In our previous blog about using speaking opportunities to build sales pipeline at events, we discussed how companies can leverage speaking sessions to add to their sales pipeline. The success of the speaking engagements can positively influence the sales pipeline built at the event. The greater the value that the audience gleans from the talk, the better it is for the sales pipeline.
The success of the speaking session can be easily gauged by the audience’s response. The best indicator of this is how educative or entertaining (preferably both!) the audience found your session.
The best speakers in the world follow basic principles to inspire their audience to take action. Here’s how you can give your audience a great experience:
Know your audience
A successful conversation depends on framing a relevant message in an engaging way to hold the other person’s interest. A speaking session is not different, with just more people listening to what you’re saying. In order to come up with a relevant message, and to know how to put it in an engaging format, the speaker needs to know the kind of people in the audience.
You can start with some educated guesswork, based on the what the event is about, the size of the event, the geographical location, and duration of the presentation. The audience is going to come with a set of expectations about what they want to know, so you should zero in on their gaps in information to come up with a great topic and the content that goes with it.
Let’s not leave it all to guesswork, though. You can contact the event organizer/sponsor for more in-depth information about your potential audience, such as their work affiliations, age-groups, their level of engagement with the event, and so on.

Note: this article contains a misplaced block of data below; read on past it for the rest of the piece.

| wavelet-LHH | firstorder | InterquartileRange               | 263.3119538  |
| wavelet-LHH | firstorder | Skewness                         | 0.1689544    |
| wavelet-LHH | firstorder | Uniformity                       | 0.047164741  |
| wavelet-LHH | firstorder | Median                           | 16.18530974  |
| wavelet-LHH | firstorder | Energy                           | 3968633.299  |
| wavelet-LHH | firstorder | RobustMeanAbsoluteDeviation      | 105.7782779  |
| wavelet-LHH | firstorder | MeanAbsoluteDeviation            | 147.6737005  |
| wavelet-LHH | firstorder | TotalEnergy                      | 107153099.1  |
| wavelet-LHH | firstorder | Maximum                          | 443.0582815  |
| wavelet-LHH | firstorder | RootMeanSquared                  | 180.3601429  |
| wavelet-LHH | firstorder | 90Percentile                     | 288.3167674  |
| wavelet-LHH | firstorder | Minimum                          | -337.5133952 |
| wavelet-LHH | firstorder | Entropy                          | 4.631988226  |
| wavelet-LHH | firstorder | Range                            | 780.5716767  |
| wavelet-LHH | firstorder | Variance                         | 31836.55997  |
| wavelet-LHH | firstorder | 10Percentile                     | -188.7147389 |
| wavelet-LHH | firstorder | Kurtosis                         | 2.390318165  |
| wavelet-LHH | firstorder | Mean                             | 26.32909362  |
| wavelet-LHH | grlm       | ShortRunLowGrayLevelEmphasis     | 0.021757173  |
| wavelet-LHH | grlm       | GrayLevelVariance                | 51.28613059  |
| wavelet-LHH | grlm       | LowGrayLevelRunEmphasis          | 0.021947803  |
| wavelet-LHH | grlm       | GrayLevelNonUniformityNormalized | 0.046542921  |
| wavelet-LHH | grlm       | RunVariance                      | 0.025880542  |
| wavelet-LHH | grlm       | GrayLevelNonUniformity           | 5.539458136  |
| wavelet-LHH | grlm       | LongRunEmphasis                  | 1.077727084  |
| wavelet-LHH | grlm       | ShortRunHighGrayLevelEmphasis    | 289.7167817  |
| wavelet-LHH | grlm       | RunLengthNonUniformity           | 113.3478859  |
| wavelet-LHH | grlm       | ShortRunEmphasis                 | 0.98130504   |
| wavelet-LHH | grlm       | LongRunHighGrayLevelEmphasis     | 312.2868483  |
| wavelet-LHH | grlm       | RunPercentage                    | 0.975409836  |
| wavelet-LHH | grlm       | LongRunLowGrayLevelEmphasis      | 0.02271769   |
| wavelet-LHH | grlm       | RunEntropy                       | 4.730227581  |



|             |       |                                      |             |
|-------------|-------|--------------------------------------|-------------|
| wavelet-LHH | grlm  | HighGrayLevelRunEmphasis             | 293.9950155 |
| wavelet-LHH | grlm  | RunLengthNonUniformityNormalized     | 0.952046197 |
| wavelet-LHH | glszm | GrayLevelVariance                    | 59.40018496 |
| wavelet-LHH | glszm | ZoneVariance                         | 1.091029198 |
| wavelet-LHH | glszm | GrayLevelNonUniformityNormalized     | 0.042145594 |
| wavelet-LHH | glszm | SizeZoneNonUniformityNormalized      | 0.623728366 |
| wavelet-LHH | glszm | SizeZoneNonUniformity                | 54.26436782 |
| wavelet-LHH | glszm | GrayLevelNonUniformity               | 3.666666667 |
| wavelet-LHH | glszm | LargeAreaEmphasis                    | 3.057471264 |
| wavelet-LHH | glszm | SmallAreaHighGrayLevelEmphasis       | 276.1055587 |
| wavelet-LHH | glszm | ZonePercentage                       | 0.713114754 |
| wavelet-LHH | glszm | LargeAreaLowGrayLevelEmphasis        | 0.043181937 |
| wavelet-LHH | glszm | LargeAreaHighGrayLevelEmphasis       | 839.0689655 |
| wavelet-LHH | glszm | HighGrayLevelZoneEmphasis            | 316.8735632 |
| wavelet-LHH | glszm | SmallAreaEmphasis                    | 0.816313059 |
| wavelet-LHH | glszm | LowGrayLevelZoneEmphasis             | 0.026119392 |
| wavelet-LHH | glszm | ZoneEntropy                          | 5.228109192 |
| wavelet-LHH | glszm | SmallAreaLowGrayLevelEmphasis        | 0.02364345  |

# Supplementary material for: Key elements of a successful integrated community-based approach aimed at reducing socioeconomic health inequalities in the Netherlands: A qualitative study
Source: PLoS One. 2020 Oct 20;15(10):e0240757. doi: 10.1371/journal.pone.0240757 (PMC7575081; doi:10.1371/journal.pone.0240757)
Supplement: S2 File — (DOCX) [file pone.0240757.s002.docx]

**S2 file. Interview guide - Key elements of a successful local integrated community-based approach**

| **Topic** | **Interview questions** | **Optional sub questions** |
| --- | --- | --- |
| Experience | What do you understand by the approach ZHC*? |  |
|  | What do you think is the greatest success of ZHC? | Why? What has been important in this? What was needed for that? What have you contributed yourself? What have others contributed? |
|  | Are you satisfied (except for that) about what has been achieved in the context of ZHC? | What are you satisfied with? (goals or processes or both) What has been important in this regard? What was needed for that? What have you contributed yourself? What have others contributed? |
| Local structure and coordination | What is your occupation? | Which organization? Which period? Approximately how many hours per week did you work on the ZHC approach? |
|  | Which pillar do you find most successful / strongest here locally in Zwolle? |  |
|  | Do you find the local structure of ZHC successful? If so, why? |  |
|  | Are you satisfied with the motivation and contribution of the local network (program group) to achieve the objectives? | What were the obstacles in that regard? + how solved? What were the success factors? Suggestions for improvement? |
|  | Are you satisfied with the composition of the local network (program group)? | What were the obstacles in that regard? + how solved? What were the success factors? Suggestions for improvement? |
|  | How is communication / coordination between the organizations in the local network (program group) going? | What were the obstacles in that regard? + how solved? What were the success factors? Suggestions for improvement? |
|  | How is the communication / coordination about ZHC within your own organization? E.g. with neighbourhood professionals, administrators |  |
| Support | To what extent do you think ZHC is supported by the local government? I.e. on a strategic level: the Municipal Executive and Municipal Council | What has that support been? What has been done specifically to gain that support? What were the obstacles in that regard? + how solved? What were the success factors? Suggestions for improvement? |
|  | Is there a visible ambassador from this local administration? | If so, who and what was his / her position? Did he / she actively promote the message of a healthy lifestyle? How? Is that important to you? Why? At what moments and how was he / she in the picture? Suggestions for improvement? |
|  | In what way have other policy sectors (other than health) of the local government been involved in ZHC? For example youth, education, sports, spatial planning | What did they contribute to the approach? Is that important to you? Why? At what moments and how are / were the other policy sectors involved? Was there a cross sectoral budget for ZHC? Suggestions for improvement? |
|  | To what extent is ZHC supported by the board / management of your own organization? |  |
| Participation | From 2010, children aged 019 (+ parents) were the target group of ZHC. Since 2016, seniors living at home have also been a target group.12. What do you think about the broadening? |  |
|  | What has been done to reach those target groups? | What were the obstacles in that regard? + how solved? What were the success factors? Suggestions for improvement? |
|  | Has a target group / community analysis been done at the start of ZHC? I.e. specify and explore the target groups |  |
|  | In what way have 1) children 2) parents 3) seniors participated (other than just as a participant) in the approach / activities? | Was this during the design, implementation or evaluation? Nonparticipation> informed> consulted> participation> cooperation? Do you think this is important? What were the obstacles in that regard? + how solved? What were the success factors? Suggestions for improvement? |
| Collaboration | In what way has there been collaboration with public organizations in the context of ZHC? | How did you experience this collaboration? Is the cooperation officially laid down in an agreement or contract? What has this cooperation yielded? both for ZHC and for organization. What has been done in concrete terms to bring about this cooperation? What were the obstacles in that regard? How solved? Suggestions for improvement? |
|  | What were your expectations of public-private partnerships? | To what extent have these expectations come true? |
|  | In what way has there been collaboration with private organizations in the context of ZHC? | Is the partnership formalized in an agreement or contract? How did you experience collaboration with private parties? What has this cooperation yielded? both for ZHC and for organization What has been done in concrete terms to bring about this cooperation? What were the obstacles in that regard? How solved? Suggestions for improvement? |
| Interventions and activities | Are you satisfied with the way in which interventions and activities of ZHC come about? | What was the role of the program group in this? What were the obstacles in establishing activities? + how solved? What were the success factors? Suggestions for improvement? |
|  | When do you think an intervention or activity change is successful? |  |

This is literally the first thing any speaker should do, rather than coming up with a topic first and then trying to forcefully reverse-engineer it to the audience. Which leads us to:
Pick the right topic
Picking the right topic is a sprawling flow-chart of questions and choosing between options. It’s a lot easier to answer all those questions once you have a clear picture of who the audience is. With that, you can make a list of problems they have, and how they could potentially solve it. You could talk about the future of their specific industry, how it’s changing and how they can stay prepared. Looking back at all the talks we’ve participated in, the common thread is that they talk about the future and how we can leverage it to our benefit.
You can also look at what other speakers have covered in the recent past at different events. This might spark off some fresh inspiration for you to brainstorm other topics, and also help you avoid topics that have been done to death.
Now that you have a list of topics that you know your audience is going to care about, pick out the one you have the most expertise with, and you have yourself an engaging topic.
If you are in a position to pitch your product, subtlety is the key. Obvious as this sounds, it’s easy to cross the line and make the talk all about how your product/service is the perfect solution for all their problems. Frame the conversation around the change in the industry that makes your product necessary, rather than the product itself.
Know what you are talking about
Some talks we’ve been to seem to cover a lot of topics without engaging with them meaningfully, offering only cursory glimpses at insights, and often just stating the obvious. This might make the audience feel like you know a lot, but at the end of the talk they’ll feel like they haven’t learned anything concrete. It pays to do your research completely, and offer those insights that are hard to find, and harder to distill into actionable insights.
Having the right data and information to disseminate to your audience is a good start. The next step is to completely familiarize yourself with the material so that you can rattle off all the numbers and facts without having to look at your notes or your slides. This ensures that your flow is not interrupted when you are talking and that there are fewer pauses and fumbles. Being sure of what you’re talking about increases your credibility.
You also need to be in a position to answer any questions that the audience might have, so try to pre-empt what they might ask. You can either work that into your material or keep aside to answer the audience if the need arises.
The benefits of a great speaking session are truly manifold – from increasing your company’s brand recall, building pipeline at the trade show, and improving your product’s awareness. people who attended your talk are much more likely to visit your booth. Following the first principles described above is sure to set you up for a great talk that impresses your audience.